Posts Categorized: reader requests

Reader Request: Young Clothes, Old Clothes

young clothes old clothes2

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Reader Kristin popped this one into the suggestion box:

If you haven’t done one before, maybe a post about what aspects of clothing are typically considered “young”, which ones are “old” and which ones can be variable? Sometimes I get confused when someone identifies something that I like or a store that I frequent as “old lady” or “twee” when I don’t see it that way at all. Then it makes me wonder if I’m managing to inadvertently age myself or look childlike by my wardrobe choices.

A tough and fascinating question. First off, I feel compelled to say that I don’t really believe in hard-and-fast age-appropriateness guidelines. Each woman needs to make her own decisions, individually, about what she loves wearing, feels comfortable wearing, and feels is a good match for her internal age, chronological age, or both. That said, there are features and designs that read as “young” or “old” due to trend cycles and socially reinforced preferences. Doesn’t mean you have to agree with them, avoid them, or embrace them, but it’s hard to deny that they exist. A pink tulle skirt will read young to most people, and a lace shawl will read old to most people. However, in many cases …

It depends how you style it


Both of these women are wearing garments with ruffles. The garments have some design features that set them apart from each other: The white dress is short and low cut, the blazer is high-necked and tweedy. But consider this: If a 60-year-old woman took that white dress, threw on a pair of leggings, a scarf, and a longline blazer, she’d look pretty sharp. And if a 20-year old tried that blazer unbuttoned with a graphic tee, boyfriend jeans, and heels … well, those bell cuffs might throw it all off a bit, but it’d come close to working. Most items that read as “young” or “old” can be styled to appear fairly neutral.

Also keep in mind that some items that feel “old” actually feel that way because they’re dated. Let’s look again at the images from the top of this post.


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The blue blazer has a high stance, Peter Pan-esque wide collar, and wide 3/4-length sleeves. Any one of these elements might work on a simple blazer, but mushed together like this they look a bit stodgy. The high stance is the real killer here. Contemporary blazers typically have no more than two buttons and a much lower stance. So if someone is wearing this blazer, they might look older because the piece itself is somewhat dated in design.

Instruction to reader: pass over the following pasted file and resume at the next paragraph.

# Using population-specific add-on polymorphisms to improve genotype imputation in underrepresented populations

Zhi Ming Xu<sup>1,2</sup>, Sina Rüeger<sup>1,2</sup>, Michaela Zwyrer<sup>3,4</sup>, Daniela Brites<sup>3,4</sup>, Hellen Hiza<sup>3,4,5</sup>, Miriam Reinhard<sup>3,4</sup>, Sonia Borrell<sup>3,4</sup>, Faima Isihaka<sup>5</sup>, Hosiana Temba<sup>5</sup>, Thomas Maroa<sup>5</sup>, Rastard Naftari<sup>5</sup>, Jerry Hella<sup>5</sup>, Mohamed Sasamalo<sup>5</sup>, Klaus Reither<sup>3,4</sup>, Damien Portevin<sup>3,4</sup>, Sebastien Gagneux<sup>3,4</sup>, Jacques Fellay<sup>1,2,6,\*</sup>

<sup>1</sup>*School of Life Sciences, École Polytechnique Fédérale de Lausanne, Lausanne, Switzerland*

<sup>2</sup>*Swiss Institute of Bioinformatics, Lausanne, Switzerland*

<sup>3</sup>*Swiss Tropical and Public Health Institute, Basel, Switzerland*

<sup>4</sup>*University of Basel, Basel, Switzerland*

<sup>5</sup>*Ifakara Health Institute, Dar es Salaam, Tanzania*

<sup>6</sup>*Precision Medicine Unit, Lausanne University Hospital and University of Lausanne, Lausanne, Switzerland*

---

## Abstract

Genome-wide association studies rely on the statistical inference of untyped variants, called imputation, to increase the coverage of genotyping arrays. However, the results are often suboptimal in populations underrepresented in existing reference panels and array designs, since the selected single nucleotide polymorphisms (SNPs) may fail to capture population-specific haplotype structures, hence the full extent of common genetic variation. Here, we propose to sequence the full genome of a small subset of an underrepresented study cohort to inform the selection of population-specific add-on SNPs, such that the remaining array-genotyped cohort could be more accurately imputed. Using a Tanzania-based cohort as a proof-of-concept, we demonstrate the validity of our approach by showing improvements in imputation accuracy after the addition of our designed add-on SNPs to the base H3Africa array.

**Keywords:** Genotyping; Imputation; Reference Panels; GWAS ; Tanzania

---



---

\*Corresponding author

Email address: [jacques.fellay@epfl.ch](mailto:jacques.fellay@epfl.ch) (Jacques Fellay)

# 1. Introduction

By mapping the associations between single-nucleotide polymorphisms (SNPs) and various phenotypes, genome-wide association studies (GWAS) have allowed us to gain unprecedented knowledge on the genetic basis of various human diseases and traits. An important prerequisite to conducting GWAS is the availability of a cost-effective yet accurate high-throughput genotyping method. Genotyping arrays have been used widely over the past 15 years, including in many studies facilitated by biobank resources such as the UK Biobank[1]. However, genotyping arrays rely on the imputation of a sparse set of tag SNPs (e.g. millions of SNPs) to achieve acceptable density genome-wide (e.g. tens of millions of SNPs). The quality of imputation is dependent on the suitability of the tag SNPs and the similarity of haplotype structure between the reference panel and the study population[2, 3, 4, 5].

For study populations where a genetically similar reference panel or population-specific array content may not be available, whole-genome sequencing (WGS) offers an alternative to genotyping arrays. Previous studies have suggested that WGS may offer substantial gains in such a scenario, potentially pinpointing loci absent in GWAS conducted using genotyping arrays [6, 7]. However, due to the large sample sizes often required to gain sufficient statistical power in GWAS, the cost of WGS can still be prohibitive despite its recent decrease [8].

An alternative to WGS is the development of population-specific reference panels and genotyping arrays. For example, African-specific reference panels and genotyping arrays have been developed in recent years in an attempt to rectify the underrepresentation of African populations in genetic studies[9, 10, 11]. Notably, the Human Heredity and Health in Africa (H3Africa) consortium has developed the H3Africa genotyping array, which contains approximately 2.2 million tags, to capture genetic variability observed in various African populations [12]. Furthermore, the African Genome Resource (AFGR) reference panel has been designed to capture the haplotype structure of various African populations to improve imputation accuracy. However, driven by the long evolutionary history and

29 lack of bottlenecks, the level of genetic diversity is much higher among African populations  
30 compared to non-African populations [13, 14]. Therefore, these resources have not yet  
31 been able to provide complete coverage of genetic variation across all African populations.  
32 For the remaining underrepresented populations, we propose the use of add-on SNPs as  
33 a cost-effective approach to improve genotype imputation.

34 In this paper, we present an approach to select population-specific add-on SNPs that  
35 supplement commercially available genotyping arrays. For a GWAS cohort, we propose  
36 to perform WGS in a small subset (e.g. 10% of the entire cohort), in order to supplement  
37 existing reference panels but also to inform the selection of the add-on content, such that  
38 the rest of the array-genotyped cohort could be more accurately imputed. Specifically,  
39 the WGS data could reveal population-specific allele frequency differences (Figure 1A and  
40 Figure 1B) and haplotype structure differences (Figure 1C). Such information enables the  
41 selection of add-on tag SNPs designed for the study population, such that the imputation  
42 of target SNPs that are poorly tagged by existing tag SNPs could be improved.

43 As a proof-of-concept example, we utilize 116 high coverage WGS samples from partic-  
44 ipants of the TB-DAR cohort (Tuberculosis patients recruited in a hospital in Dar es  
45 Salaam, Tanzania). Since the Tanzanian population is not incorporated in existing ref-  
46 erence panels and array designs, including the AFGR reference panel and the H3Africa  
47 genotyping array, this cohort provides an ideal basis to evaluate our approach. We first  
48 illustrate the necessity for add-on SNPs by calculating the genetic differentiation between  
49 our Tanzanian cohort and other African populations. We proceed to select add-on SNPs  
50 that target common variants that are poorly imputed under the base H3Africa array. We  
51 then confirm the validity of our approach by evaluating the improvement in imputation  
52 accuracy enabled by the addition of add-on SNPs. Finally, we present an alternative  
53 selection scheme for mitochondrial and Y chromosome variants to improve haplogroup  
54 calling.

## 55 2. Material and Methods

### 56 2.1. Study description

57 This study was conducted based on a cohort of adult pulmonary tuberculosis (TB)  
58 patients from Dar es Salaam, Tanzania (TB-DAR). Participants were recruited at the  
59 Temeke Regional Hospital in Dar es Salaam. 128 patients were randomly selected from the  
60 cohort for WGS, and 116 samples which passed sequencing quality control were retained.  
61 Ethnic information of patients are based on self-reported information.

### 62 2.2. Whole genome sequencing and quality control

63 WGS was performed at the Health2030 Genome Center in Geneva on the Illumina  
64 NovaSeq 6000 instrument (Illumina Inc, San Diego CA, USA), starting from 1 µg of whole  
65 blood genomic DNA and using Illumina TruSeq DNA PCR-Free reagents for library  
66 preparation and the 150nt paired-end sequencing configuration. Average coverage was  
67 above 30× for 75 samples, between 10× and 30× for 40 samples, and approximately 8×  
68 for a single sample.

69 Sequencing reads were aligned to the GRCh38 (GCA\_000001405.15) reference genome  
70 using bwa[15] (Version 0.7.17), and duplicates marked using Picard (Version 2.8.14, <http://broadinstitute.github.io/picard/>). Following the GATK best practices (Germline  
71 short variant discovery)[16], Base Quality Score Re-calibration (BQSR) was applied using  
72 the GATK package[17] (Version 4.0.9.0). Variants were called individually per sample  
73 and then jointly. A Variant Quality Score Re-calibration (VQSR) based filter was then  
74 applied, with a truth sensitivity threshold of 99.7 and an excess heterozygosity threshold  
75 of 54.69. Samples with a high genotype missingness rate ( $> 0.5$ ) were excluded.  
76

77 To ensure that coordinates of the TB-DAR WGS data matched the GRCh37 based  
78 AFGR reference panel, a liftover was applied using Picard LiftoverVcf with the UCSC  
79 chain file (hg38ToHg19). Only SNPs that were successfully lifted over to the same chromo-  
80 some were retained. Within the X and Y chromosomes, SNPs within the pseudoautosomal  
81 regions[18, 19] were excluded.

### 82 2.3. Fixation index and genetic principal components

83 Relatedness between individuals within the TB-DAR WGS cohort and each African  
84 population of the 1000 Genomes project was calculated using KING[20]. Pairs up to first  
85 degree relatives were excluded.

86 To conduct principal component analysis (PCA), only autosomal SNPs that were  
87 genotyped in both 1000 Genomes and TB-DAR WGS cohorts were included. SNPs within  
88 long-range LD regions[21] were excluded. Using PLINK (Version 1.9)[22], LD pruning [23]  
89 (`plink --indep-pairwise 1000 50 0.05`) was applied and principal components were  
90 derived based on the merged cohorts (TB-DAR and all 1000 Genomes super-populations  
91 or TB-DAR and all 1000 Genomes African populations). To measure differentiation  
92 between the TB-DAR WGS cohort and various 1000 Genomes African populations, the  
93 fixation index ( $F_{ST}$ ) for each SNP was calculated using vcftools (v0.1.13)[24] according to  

The pink blazer is a drapey knit with little shaping and tiny, stylized lapels. This piece will look dated someday, but right now it reads as “young” because it’s a fairly new, trendy shape and style. But while the dated blue blazer would be tough to update and transform into a younger-looking piece, the trendy pink blazer would be just fine on an older woman if styled to suit her.

Can you tell I’m a little reluctant to make a big list of traits that fall solidly into one camp or another? What I’ll do instead is offer up a few, and then turn it over to you to discuss. I know that this is an extremely subjective topic that will prompt different responses from women of different age groups and cultures, so I’d never say that my own picks here are carved in stone. But I’ll get the ball rolling.


  • Distressed/torn anything
  • Peter Pan collars
  • Tulle skirts
  • Babydoll/empire-waist dresses
  • Rompers
  • Cropped tops and sweaters
  • Printed leggings
  • Short shorts


  • Pleated, tapered pants and jeans
  • Applique sweatshirts and jean-style jackets
  • High-stance jackets and blazers
  • Twin sets
  • Paisley print
  • Collared sweatshirts
  • Zip-front vests
  • Tweed
  • Crocheted sweaters and some crochet accents

Interesting to note that nearly everything on my “old” list is either a fringe trend right now (pleated, tapered pants) or something that hipsters have commandeered (tweed). And some items from my “young” list (Peter Pan collars) have “old” iterations. Just depends on the garment and how it’s styled. TRICKY, EH?

Another point of clarification: I don’t think of young as good and old as bad. And I don’t think it’s unacceptable for young women to wear tweed or for old women to wear Peter Pan collars. There’s no black and white in this issue, only shades of gray. Which means that even if some of the people in her life feel like Kristin is wearing clothes that are too old or young for her, that is merely their opinion.

Over to you: Are there certain garments or styles that read as inherently “old” or “young” to you? Do you agree that it can all come down to styling?

**Disclosure: Actions you take from the hyperlinks within this blog post may yield commissions for See Already Pretty’s disclosure statement for more details.

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Reader Request: Dressing an Hourglass Figure


Reader Gretchen sent me this request:

My trouble is finding outfits that work without making my hips/butt look huge. My waist is 28″ and my hips are 38″. If I wear flow-y tops or pants, I look like I have gained about 10-20 pounds because everything falls in line with my hips; however, if I wear more fitted clothing, my hips and butt stick out. Flow-y with belts around my waist perhaps? This doesn’t seem like a common problem for women anymore as it seems the true hourglass figure is getting lost somehow. So it’s been tough to find information.